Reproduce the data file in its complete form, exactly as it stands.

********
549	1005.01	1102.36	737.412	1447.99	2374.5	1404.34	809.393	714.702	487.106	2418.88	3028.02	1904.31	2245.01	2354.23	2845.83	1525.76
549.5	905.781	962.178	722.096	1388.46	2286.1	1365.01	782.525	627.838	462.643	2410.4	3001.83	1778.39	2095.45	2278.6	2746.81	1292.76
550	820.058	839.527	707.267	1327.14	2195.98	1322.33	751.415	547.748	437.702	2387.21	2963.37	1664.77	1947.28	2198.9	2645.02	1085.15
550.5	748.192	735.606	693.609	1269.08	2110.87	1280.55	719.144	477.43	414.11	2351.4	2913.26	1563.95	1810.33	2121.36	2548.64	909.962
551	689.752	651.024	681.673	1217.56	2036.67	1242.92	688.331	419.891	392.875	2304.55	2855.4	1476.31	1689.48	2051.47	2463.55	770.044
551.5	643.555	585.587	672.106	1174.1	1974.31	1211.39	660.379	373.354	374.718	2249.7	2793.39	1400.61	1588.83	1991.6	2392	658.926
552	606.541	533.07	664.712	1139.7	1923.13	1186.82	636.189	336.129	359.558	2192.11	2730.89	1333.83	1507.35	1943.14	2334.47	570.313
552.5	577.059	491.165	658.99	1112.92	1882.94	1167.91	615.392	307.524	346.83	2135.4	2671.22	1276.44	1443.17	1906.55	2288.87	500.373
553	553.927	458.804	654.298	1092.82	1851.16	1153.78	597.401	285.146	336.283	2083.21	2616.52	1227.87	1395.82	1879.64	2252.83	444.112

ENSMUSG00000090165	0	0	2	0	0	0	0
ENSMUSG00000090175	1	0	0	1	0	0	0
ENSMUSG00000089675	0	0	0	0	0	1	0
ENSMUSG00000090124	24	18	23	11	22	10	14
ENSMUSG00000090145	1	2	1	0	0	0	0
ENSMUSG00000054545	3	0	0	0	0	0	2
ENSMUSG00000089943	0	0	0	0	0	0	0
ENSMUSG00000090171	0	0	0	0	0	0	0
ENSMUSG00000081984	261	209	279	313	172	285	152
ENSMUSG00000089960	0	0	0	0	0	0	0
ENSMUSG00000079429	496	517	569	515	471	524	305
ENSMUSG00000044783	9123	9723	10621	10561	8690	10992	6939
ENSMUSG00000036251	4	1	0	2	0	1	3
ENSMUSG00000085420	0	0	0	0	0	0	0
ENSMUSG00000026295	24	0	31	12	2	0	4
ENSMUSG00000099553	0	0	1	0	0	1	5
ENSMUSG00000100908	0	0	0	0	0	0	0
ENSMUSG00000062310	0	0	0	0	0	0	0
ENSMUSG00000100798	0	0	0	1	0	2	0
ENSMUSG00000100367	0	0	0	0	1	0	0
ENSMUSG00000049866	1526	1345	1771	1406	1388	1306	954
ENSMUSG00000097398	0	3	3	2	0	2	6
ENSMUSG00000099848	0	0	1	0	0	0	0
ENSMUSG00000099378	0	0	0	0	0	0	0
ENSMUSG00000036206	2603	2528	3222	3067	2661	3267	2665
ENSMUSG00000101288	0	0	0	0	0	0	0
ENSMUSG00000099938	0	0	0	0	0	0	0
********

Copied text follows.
549	1005.01	1102.36	737.412	1447.99	2374.5	1404.34	809.393	714.702	487.106	2418.88	3028.02	1904.31	2245.01	2354.23	2845.83	1525.76
549.5	905.781	962.178	722.096	1388.46	2286.1	1365.01	782.525	627.838	462.643	2410.4	3001.83	1778.39	2095.45	2278.6	2746.81	1292.76
550	820.058	839.527	707.267	1327.14	2195.98	1322.33	751.415	547.748	437.702	2387.21	2963.37	1664.77	1947.28	2198.9	2645.02	1085.15
550.5	748.192	735.606	693.609	1269.08	2110.87	1280.55	719.144	477.43	414.11	2351.4	2913.26	1563.95	1810.33	2121.36	2548.64	909.962
551	689.752	651.024	681.673	1217.56	2036.67	1242.92	688.331	419.891	392.875	2304.55	2855.4	1476.31	1689.48	2051.47	2463.55	770.044
551.5	643.555	585.587	672.106	1174.1	1974.31	1211.39	660.379	373.354	374.718	2249.7	2793.39	1400.61	1588.83	1991.6	2392	658.926
552	606.541	533.07	664.712	1139.7	1923.13	1186.82	636.189	336.129	359.558	2192.11	2730.89	1333.83	1507.35	1943.14	2334.47	570.313
552.5	577.059	491.165	658.99	1112.92	1882.94	1167.91	615.392	307.524	346.83	2135.4	2671.22	1276.44	1443.17	1906.55	2288.87	500.373
553	553.927	458.804	654.298	1092.82	1851.16	1153.78	597.401	285.146	336.283	2083.21	2616.52	1227.87	1395.82	1879.64	2252.83	444.112

ENSMUSG00000090165	0	0	2	0	0	0	0
ENSMUSG00000090175	1	0	0	1	0	0	0
ENSMUSG00000089675	0	0	0	0	0	1	0
ENSMUSG00000090124	24	18	23	11	22	10	14
ENSMUSG00000090145	1	2	1	0	0	0	0
ENSMUSG00000054545	3	0	0	0	0	0	2
ENSMUSG00000089943	0	0	0	0	0	0	0
ENSMUSG00000090171	0	0	0	0	0	0	0
ENSMUSG00000081984	261	209	279	313	172	285	152
ENSMUSG00000089960	0	0	0	0	0	0	0
ENSMUSG00000079429	496	517	569	515	471	524	305
ENSMUSG00000044783	9123	9723	10621	10561	8690	10992	6939
ENSMUSG00000036251	4	1	0	2	0	1	3
ENSMUSG00000085420	0	0	0	0	0	0	0
ENSMUSG00000026295	24	0	31	12	2	0	4
ENSMUSG00000099553	0	0	1	0	0	1	5
ENSMUSG00000100908	0	0	0	0	0	0	0
ENSMUSG00000062310	0	0	0	0	0	0	0
ENSMUSG00000100798	0	0	0	1	0	2	0
ENSMUSG00000100367	0	0	0	0	1	0	0
ENSMUSG00000049866	1526	1345	1771	1406	1388	1306	954
ENSMUSG00000097398	0	3	3	2	0	2	6
ENSMUSG00000099848	0	0	1	0	0	0	0
ENSMUSG00000099378	0	0	0	0	0	0	0
ENSMUSG00000036206	2603	2528	3222	3067	2661	3267	2665
ENSMUSG00000101288	0	0	0	0	0	0	0
ENSMUSG00000099938	0	0	0	0	0	0	0